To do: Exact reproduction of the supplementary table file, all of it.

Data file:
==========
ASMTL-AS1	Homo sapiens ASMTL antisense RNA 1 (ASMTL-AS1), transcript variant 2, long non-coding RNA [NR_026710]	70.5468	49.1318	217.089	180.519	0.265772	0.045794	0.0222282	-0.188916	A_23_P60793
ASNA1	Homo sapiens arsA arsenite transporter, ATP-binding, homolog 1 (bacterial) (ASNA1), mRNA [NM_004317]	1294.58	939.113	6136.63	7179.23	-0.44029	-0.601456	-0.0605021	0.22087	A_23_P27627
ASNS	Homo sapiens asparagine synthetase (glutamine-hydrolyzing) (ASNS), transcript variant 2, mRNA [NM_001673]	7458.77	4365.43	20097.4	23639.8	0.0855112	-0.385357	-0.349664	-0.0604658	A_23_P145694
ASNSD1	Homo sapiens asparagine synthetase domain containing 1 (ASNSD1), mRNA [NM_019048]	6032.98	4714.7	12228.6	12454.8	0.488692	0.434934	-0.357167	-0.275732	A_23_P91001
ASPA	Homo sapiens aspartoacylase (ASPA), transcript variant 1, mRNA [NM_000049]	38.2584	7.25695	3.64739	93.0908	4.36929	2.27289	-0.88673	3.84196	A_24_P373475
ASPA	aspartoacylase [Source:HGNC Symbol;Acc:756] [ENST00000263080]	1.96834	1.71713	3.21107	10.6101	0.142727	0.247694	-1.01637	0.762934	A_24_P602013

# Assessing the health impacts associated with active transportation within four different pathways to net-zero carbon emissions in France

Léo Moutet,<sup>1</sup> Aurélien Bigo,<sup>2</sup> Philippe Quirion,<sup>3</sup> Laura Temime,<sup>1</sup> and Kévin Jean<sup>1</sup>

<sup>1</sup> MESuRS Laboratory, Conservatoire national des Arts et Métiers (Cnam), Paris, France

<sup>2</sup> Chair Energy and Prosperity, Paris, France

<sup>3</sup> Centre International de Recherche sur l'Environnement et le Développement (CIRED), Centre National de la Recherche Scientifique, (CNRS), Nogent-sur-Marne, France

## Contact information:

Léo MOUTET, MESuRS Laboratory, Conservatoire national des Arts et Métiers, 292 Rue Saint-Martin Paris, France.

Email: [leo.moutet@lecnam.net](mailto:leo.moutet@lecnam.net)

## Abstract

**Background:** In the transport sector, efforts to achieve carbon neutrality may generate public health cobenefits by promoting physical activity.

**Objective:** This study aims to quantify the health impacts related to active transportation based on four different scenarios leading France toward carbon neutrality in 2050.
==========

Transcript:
ASMTL-AS1	Homo sapiens ASMTL antisense RNA 1 (ASMTL-AS1), transcript variant 2, long non-coding RNA [NR_026710]	70.5468	49.1318	217.089	180.519	0.265772	0.045794	0.0222282	-0.188916	A_23_P60793
ASNA1	Homo sapiens arsA arsenite transporter, ATP-binding, homolog 1 (bacterial) (ASNA1), mRNA [NM_004317]	1294.58	939.113	6136.63	7179.23	-0.44029	-0.601456	-0.0605021	0.22087	A_23_P27627
ASNS	Homo sapiens asparagine synthetase (glutamine-hydrolyzing) (ASNS), transcript variant 2, mRNA [NM_001673]	7458.77	4365.43	20097.4	23639.8	0.0855112	-0.385357	-0.349664	-0.0604658	A_23_P145694
ASNSD1	Homo sapiens asparagine synthetase domain containing 1 (ASNSD1), mRNA [NM_019048]	6032.98	4714.7	12228.6	12454.8	0.488692	0.434934	-0.357167	-0.275732	A_23_P91001
ASPA	Homo sapiens aspartoacylase (ASPA), transcript variant 1, mRNA [NM_000049]	38.2584	7.25695	3.64739	93.0908	4.36929	2.27289	-0.88673	3.84196	A_24_P373475
ASPA	aspartoacylase [Source:HGNC Symbol;Acc:756] [ENST00000263080]	1.96834	1.71713	3.21107	10.6101	0.142727	0.247694	-1.01637	0.762934	A_24_P602013

# Assessing the health impacts associated with active transportation within four different pathways to net-zero carbon emissions in France

Léo Moutet,<sup>1</sup> Aurélien Bigo,<sup>2</sup> Philippe Quirion,<sup>3</sup> Laura Temime,<sup>1</sup> and Kévin Jean<sup>1</sup>

<sup>1</sup> MESuRS Laboratory, Conservatoire national des Arts et Métiers (Cnam), Paris, France

<sup>2</sup> Chair Energy and Prosperity, Paris, France

<sup>3</sup> Centre International de Recherche sur l'Environnement et le Développement (CIRED), Centre National de la Recherche Scientifique, (CNRS), Nogent-sur-Marne, France

## Contact information:

Léo MOUTET, MESuRS Laboratory, Conservatoire national des Arts et Métiers, 292 Rue Saint-Martin Paris, France.

Email: [leo.moutet@lecnam.net](mailto:leo.moutet@lecnam.net)

## Abstract

**Background:** In the transport sector, efforts to achieve carbon neutrality may generate public health cobenefits by promoting physical activity.

**Objective:** This study aims to quantify the health impacts related to active transportation based on four different scenarios leading France toward carbon neutrality in 2050.